But that’s not the half of it. There turns out to be a world of exercises, each aimed at different parts of the body. Now, I knew this before; I just didn’t pay much attention to it, which explains why my coach insisted on a full medical checkup before beginning this program. Within that world there are front crunches, side crunches and reverse crunches. There are squats (which require a seated adaptation for me because of my fused ankle), leg lifts, leg lowerings, hollow rocks, front planks, reverse planks and, oh my god, side planks.

The real challenges for me today are lunges and what for me is a sadistic exercise known as the Superman. The lunges — basically exaggerated front and back curtseys — are challenging because of my right ankle issue and nerve damage in my lower left leg. I kept falling over every time I tried one. My coach had me adapt. Do it slower; land on the ball of my foot for more solid footing; bring my body to the leg. I managed to do one forward. Then I managed to do one without wobbling. (Better balance has come along with greater strength and more controlled movement.)

Today, I can manage a few decent lunges and some so-so ones in a set of 10 forward lunges. This is good progress. Backward lunges remain more problematic, but again, doable even in my awkward style. And yes, today there are muscles in my behind that ache after a set of lunges. Coach says this is a good thing.

The Superman remains the challenge du jour. It requires lying on my stomach, arms forward a la Superman in flight, then lifting the front and rear portions of my body, leaving only the middle on the floor. I barely got front and back up for 20 seconds, but I learned something in the process: to get the muscles to do their job I needed to engage them, to flex them. Aha.

These workout sessions, which include a lot of stretching as well, go on. Currently, it’s twice a week with additional workouts possible. I do this because I do not want to be an overweight, falling-down old man. I am far from finished, but also far from where I was a short nine months ago. I need a new wardrobe to fit my new body, but that’s what is called a luxury problem. Because my health has improved with my weight loss and exercise, my doctor is weaning me off the blood pressure medications she prescribed. I like the way I look and feel.

This was not easy at first, although changing my eating habits to include more vegetables and fruits, much less sugar, salt, fat and meat was not as difficult as I thought it would be. I have discovered the delight of frozen Greek yogurt with fresh fruit. I do not starve myself.

The exercise was a slower draw, but once some results started to appear (using heavier weights, seeing actual muscles sprouting, my shoulders becoming wider than my hips), I was hooked. Not in a negative sense. I will never be Mr. Universe. (As coach delicately pointed out, I could never be even if I wanted to.) But I like feeling and being stronger, so I will continue.

Coincidentally (or maybe not) with this image makeover (I trimmed my hair and beard and got new eyeglass frames as well), I recently took an online narcissist test on PsychCentral. I scored 12, which I am told is an average score, with 20 being required for narcissism. But I did come up with a 2 on exhibitionism and a 3 on superiority, which may be something for me to look at in relation to this makeover and the apparent need to write about it.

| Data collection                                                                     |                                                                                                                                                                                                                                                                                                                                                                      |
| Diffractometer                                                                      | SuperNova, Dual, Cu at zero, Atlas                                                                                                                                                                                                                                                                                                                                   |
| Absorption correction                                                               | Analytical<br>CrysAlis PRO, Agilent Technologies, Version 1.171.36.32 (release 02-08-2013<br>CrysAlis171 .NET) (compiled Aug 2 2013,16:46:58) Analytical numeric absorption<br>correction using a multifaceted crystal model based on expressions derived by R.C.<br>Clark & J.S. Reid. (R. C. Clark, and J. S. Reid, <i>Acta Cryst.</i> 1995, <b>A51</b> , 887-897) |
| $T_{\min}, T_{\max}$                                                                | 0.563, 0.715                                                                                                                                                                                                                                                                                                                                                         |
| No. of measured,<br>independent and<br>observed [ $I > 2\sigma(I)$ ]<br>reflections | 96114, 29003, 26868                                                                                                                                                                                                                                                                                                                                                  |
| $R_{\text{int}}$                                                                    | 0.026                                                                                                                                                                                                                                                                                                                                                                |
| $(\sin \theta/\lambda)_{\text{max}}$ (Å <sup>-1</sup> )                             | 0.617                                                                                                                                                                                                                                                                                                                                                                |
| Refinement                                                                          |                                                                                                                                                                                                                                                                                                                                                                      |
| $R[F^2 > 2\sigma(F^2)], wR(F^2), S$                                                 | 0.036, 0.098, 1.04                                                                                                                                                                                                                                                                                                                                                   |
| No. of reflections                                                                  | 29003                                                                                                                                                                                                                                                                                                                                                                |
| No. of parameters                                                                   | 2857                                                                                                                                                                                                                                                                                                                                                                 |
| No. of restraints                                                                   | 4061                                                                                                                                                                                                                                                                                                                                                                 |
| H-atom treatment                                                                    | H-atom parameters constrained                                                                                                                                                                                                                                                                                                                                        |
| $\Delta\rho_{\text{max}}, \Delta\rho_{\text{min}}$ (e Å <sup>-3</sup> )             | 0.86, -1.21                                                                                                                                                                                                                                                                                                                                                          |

Then again, I had a zero on vanity. This suggests to me that, not only is my body stronger and in better balance, but my mind, like my muscles, is still not over-inflated. And so I will continue.


Limbaugh, Rand Paul, the ACLU and Me

Wednesday, June 12th, 2013

By Jeffrey Page

We’re just the people. We go to a job or look for one. We pay the bills. We fight the wars. We die in those wars. We’ve come to understand that the only time politicians care what we think is when there’s an election. We’re all V.I.P.s around election time.

Nowadays we have special significance ever since word got out that all our telephone records are routinely made available for scrutiny by the National Security Agency. This, it is clear, could cost votes and shorten political careers so for a while we will be taken seriously.

But usually, we’re just the people. We voted for Obama the first time because, after eight years of Bush, he was like a fresh wind blowing in. We were a little less enthusiastic the second time. And now, five months into Obama’s second term, we find ourselves aligned with Michael Moore and the ACLU, also with Glenn Beck, Rand Paul, and Rush Limbaugh on the question of government snooping into our telephoning history.

We find something dangerous and suspicious about the NSA making notes on who we call on the phone, when we call, what numbers we call, how long we speak. Yes, but government isn’t listening in on the conversation, we’re told by the very same government. That’s supposed to reassure us. But you don’t believe it, do you? Nor do I. 

I’ve been thinking about the words of the great Ma Joad in “The Grapes of Wrath” as she tells the son she loves: “Why, Tom – us people will go on livin’ when all them people is gone. Why, Tom, we’re the people that live. They ain’t gonna wipe us out. Why, we’re the people – we go on.”

I wonder if Ma Joad was just dead wrong, and that eventually them people – with their demands for lower taxes, with their specious argument that government should be run like a business (like Enron maybe?), and with their willy-nilly interpretation of the Bill of Rights – will win the war against us people. If us people lose that war, the nation will have been transformed into something unrecognizable.